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Not every child enjoys working with and learning numbers. There are some of us that are innately talented with adding, subtracting, multiplying and dividing, however, there are children who really struggle with the mental skill of such functions. Teachers have an obligation as part of their lessons to make learning fun and engaging. By doing this it increases a child’s understanding and removes the stigma some subjects, especially mathematics, have for some individuals.

There are a number of ways to make learning maths easier for kids.

Everyday problems

People learn best when they can use a new concept in an already familiar context. Teachers should use recognisable examples to frame questions so that children have a point of reference for the mathematical concept. By using scenarios that happen frequently in a child’s life there will be less chance that they will become overwhelmed with learning something new and it will also increase their ability to consolidate the learning episode and skills associated with it.

  • Cooking – Following a recipe requires an understanding of how different measures are calculated, weighed or collected.
  • Eating – Portioning of food and even distribution is a key part of this activity.
  • Designing – Building blocks, Lego, etc. require calculating of how different shapes and designs will use what numbers, sizes and shapes of blocks.
  • Time – Telling the time, as well as counting to determine start and end times of activities.
  • Money – Buying, spending, change, saving – it’s all relative.


Real-world problems

Children have a hard time looking beyond the concrete. It is difficult to not only imagine a hypothetical situation, but applying a new mathematical concept to it as well could cause an overwhelmed child to simply give up. Teachers should focus on centering math questions related to situations that children should and would have encountered before. This type of approach is about drawing a student into the skill with engaging topics and familiar contexts.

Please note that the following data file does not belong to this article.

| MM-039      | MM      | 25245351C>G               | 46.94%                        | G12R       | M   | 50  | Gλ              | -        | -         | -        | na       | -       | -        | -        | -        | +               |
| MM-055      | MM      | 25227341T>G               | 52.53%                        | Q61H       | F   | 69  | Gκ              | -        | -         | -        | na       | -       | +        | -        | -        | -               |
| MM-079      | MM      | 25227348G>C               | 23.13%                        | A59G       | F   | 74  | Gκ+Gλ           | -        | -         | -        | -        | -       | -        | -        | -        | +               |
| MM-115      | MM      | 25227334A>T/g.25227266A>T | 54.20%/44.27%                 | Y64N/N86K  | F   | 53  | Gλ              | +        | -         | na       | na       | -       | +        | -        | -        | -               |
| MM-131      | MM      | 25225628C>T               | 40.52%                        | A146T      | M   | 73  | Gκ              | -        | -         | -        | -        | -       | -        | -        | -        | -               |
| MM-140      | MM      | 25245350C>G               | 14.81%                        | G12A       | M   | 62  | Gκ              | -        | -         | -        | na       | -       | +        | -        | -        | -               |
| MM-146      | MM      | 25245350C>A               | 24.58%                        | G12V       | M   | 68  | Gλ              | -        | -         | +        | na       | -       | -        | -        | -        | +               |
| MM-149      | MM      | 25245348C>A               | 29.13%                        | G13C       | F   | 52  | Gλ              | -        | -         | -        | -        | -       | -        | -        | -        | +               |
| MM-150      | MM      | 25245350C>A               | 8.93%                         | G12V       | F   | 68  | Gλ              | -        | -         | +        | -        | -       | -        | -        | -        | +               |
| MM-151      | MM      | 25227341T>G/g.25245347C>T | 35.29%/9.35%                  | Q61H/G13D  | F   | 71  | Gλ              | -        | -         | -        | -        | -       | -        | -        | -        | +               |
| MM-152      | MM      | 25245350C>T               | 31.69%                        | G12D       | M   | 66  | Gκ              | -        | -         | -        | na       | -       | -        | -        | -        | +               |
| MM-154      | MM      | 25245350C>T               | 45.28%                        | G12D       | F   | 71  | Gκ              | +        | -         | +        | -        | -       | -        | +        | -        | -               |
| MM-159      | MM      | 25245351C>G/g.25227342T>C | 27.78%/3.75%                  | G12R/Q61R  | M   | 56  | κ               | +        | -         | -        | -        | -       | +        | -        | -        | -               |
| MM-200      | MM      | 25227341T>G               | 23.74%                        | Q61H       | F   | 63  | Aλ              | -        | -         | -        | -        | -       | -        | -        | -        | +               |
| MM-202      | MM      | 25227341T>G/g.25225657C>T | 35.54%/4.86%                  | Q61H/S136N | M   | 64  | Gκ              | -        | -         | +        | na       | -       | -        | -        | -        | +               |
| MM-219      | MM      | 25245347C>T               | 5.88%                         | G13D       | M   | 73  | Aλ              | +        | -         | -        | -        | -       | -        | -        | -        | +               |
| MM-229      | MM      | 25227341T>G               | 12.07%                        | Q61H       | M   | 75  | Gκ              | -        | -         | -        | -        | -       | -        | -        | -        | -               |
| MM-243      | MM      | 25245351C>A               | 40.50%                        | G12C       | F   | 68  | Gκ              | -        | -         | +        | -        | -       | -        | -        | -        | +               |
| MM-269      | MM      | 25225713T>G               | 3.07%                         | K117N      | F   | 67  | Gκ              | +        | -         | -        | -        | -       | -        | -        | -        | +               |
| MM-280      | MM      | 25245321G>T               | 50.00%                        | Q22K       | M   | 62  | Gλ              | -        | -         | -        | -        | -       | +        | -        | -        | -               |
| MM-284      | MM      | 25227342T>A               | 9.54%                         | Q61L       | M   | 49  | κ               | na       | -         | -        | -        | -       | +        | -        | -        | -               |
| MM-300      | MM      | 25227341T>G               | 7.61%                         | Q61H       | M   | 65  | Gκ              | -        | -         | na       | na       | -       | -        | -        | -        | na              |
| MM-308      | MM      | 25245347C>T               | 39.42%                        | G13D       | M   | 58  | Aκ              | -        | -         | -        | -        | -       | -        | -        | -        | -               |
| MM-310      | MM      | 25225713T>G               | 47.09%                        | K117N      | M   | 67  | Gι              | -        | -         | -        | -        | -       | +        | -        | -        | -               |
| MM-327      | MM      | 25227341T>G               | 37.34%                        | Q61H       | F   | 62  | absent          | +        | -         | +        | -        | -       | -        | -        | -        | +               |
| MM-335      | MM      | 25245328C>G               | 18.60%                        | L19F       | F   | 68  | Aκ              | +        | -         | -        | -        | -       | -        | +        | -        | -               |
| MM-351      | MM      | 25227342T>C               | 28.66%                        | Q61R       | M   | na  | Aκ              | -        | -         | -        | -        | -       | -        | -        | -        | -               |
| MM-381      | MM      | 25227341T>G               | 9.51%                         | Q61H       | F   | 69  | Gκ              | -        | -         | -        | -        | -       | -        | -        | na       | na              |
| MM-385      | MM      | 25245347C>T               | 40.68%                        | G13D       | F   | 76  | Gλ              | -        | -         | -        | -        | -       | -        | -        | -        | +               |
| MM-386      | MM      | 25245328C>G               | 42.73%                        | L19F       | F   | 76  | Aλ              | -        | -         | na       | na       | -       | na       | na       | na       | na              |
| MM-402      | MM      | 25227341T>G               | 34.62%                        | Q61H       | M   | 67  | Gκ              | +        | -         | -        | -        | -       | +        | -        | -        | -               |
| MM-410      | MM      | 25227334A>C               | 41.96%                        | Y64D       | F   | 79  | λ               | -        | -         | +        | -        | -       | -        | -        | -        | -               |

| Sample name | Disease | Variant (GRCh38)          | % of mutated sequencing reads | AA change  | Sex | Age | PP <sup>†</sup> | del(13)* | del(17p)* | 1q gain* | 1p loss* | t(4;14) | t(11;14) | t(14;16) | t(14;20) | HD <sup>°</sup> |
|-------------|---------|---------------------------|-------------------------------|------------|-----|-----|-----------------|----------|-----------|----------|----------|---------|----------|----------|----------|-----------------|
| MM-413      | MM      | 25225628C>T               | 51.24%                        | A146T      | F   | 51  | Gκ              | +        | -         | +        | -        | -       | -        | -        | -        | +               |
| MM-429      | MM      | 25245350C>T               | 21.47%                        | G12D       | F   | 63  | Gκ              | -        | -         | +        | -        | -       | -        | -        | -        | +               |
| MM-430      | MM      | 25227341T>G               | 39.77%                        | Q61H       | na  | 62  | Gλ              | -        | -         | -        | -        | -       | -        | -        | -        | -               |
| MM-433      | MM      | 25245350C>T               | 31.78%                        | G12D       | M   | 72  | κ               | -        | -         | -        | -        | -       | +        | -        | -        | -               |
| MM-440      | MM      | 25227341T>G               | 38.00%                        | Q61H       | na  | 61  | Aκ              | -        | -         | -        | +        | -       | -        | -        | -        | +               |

This really offers a plethora of choices, so consider the age group of your students and choose what would be most suitable for their interests.

  • Sport – Athletics offers the ability to look at time and distance for anything from adding, predicting to statistics. General team sports could be used to teach statistics, difference, patterns and geometry. Goal-based sports offer the ability to look at probability.
  • Food – Discussing food offers the chance to practice geometry, fractions, decimals, equations, money, proportional reasoning, graphs – the list is endless.
  • Dancing – Geometry to statistics to Pythagorean’s for square dancing – the sky’s the limit.
  • Design – Colour inversion, geometry and symmetry.
  • Games – Looking at lots of types of games whether they are board, online or video games, students have the ability to reflect on a lot of different components. Examples include statistics of leader boards, percentages of winning, probability in dice rolling and basic arithmetic in score differences.
  • Technology – There is no denying that technology has made its way firmly into the classroom. Teachers have to embrace it in a variety of ways to ensure that students not only maintain real-world validity of their studies, but develop their skills of working with technology too. There are many avenues for teachers here and employing a variety of examples will be beneficial for everyone involved.